The problem was, that they didn’t look very attractive…



They looked like tufts of green grass with dead sticks.

This is what Angelita Daisies should look like…


So, what went wrong with my neighbor’s Angelitas?

They didn’t remove the dead flowers.

Dead-heading doesn’t have to be done to them all the time, but once every 4 – 8 weeks will make a huge difference in their appearance.

In general, dead-heading spent flowers stimulates the plant to produce more flowers.  The reason for this is that the goal of flowers is to produce seed.  So, if dead flowers are allowed to remain on your plants, they figure that they have done their job and will stop flowering.

Of course, if you want to collect seeds from some of your favorite plants, then allow the flowers to dry and then collect the seeds (this doesn’t work that well with hybrids).

But, if you want colorful flowers – then take a couple of minutes a month and clip off the dead flowers.

Would you like to know why Angelita Daisies are one of my favorite perennials?  Check out my post about this wonderful plant…

I wrote earlier this month about the extreme cold temperatures that we had been dealing with.  Well, we are now experiencing warmer then normal temperatures with highs hitting about 78 degrees F.  While I do love this weather, I am NOT liking how my allergies have flared up.  I am writing this with swollen, itchy and watery eyes……definitely not a pretty sight.  So, I will stay indoors, hoping that my allergy medication decides to kick in sometime soon 😉


On another note, I have enjoyed sharing with you some of the wonderful plants that are ‘lesser-known’ in the garden.


Basically, lesser-known plants are those that are underused in the garden.  I think the reason is, is that most people are so used to using the more common landscape plants, that they do not know what other alternatives are out there.  

So, if you are tired of your front landscape, looking like everyone else, then you should definitely try out some of these plants in your landscape.  So far, we have showcased Valentine, Chaparral Sage and Coral Fountain.



Today’s star is one that I have used quite a bit in the past 10 years.  Although I have seen it used in commercial plantings, it is still not seen too often in residential landscapes, which is a shame.



Angelita Daisy (Tetraneuris acaulis formerly Hymenoxys acualis), is a must have for the garden.  I love the bright, daisy-like flowers and the little grass-like leaves.

This pretty little perennial is native to the high desert areas of the United States, but also thrives in the low desert as well.



They look great when massed together.  I normally use 3 planted about 1 ft. apart.  Alternatively, they can be planted alone as well and look great when placed next to boulders or in containers.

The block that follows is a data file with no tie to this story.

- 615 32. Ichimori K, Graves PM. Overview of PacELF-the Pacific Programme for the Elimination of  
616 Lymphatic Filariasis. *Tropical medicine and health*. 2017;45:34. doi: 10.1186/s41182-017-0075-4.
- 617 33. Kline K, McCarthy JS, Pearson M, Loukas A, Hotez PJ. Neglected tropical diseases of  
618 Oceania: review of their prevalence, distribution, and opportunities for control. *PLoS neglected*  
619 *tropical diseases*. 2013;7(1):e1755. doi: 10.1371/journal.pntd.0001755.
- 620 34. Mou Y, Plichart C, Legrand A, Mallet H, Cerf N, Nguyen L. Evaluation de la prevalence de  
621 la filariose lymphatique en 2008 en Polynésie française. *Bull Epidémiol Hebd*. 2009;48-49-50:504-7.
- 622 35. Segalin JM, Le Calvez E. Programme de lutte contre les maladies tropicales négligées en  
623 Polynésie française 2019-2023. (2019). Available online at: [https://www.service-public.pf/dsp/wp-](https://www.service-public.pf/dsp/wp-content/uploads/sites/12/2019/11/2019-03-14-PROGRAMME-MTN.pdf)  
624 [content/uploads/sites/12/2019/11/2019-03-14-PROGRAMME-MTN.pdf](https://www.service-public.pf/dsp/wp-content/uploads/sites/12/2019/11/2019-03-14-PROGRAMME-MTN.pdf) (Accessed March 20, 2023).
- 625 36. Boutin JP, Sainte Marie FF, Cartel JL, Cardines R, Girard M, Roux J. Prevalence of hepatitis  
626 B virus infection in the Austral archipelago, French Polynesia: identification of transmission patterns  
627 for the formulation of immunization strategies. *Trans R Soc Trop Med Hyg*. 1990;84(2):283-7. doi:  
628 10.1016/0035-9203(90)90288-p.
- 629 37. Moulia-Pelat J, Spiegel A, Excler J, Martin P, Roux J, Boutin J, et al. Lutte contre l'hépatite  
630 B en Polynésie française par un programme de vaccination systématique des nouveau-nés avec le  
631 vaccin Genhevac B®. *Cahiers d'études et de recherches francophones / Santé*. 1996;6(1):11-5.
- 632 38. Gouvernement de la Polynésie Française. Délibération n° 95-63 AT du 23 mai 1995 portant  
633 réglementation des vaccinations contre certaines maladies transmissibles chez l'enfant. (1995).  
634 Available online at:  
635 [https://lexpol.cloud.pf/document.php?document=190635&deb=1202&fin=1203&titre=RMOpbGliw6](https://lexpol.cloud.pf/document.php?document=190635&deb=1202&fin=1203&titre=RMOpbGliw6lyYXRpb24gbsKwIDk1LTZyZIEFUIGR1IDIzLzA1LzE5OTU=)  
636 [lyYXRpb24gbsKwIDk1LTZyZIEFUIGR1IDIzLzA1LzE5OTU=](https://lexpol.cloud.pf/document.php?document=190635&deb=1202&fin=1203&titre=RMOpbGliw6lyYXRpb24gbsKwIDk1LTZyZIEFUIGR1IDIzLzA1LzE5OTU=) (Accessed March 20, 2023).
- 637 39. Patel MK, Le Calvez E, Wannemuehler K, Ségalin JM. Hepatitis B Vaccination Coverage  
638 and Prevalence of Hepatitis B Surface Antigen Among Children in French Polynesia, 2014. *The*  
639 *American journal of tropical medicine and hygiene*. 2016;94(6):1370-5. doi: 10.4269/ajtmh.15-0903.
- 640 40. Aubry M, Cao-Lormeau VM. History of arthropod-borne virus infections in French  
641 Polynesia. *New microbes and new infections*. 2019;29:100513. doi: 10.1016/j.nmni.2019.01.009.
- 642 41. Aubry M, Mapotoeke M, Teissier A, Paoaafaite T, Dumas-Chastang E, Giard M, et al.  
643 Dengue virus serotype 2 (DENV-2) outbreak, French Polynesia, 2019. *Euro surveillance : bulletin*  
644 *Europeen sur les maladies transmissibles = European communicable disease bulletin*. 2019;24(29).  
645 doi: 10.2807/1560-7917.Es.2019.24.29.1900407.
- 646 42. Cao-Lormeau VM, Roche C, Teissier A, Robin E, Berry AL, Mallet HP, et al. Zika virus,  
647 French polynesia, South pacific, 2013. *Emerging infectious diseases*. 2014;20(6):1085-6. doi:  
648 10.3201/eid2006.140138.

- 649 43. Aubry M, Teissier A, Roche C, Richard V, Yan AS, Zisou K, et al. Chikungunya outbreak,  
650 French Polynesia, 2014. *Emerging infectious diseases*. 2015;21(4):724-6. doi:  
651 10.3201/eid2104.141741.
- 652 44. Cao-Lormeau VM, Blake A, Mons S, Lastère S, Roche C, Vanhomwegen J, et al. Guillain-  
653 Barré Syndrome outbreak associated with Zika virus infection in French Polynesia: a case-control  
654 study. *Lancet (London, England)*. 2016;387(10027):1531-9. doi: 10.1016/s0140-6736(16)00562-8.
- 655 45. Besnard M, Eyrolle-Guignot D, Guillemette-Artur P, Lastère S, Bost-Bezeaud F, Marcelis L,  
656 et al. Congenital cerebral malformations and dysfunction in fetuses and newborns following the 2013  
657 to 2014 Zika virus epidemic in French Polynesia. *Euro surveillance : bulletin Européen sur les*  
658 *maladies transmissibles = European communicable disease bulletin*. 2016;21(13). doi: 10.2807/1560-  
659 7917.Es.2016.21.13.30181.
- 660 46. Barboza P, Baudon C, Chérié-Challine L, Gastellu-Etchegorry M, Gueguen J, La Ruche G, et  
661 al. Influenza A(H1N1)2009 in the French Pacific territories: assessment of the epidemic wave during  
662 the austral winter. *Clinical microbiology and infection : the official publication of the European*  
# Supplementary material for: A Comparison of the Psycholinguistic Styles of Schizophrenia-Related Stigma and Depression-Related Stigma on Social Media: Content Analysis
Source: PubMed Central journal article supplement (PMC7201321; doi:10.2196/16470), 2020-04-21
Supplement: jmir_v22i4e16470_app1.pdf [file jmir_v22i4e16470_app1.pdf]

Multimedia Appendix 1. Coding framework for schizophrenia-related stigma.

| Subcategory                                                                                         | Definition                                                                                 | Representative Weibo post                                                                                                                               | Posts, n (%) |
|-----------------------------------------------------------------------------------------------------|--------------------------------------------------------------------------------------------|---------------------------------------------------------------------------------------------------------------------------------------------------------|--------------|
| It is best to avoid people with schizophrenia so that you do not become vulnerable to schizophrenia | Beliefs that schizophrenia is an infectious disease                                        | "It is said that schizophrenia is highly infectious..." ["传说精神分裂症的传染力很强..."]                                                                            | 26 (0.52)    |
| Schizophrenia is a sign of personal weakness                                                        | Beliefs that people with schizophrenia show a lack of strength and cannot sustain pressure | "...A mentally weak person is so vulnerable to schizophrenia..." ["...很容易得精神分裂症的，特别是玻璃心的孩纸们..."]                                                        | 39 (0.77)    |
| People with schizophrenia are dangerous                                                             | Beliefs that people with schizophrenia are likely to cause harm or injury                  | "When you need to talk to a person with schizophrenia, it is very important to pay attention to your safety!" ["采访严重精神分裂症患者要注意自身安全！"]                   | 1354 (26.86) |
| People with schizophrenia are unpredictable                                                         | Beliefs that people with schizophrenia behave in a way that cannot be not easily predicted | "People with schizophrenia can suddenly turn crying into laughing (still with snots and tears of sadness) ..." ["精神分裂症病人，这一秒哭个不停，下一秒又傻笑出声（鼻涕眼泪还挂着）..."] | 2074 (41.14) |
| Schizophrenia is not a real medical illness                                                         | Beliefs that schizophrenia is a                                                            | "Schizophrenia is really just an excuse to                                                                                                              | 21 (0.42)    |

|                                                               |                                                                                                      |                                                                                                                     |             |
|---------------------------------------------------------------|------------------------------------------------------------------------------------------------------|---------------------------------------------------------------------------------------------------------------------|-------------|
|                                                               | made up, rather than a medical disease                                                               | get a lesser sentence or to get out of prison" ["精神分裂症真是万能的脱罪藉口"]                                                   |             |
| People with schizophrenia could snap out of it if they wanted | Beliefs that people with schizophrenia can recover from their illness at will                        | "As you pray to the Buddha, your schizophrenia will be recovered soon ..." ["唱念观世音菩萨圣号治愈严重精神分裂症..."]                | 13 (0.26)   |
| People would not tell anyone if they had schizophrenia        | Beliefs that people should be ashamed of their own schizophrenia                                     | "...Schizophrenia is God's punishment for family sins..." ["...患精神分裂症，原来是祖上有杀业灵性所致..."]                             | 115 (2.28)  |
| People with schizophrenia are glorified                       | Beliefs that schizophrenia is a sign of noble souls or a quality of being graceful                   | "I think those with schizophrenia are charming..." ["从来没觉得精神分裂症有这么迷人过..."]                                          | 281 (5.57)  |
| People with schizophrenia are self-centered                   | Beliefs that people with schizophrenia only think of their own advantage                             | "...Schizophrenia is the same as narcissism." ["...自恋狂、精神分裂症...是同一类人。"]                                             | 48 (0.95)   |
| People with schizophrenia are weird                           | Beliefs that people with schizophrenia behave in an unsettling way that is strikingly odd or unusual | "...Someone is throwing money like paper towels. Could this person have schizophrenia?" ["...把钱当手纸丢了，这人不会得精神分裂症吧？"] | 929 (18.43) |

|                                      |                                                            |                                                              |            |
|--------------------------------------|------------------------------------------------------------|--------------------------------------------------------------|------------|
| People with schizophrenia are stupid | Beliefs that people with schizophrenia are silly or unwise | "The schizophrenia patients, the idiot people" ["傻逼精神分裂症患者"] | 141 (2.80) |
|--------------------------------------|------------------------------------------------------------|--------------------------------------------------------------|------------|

Angelita Daisies make a great alternative for Gold Lantana and does not suffer frost damage in both the low and high deserts.

**In fact, Angelita Daisy is hardy to -20 degrees F.  So it is perfect for those who live in colder climates as well!

Here are some other reasons to use this wonderful little perennial in your garden:
Thrives in full sun.

Is not picky about soil, as long as it is well-drained.
Does not require fertilizer.

Is fairly low-maintenance.  Occasional deadheading of flowers is all.
In low desert areas, Angelita Daisy blooms off an on all year long, with the strongest bloom occurring in spring.

It’s mature size of 1 ft. high and wide, makes it perfect for any size garden. 


  
Angelita Daisies are not all that impressive when viewed in their containers, but as soon as they are planted and their roots have a chance to grow, you will be rewarded with a showy display of yellow flowers.

As the plants age, you may prune them back if needed and they do spread by seed.

I think I will use some in my summer containers this year.

How about you?

Where will you use Angelita Daisy in your garden?

Angelita Daisy (Tetraneuris acaulis) syn. Hymenoxys acaulis

Angelita daisy is a beautiful, small perennial that is a reliable producer of yellow daisy-like flowers throughout the year. The heaviest blooms occur in winter and spring, which makes this little plant an asset to the landscape. They grow to approximately 10″ high and up to 18″ wide. 

Plant angelita daisy in full sun for best appearance and in well-drained soils.  Add compost to the planting hole so that resulting mixture is 1 part native soil to 1 part compost. 

Periodic pruning of the flowers helps to promote additional flowering.  No supplemental fertilizer is needed.

I have used angelita daisy many times in landscapes that I have managed, and they are very low-maintenance. They are among my top ten favorite plants and I use them often when designing new landscape areas. Angelita looks best when planted in groups of 3 – 5. Their yellow color accent purple and red flowering plants. They especially look nice when planted next to boulders in the landscape.

For more information on how to grow this attractive, flowering perennial, check out my Houzz article: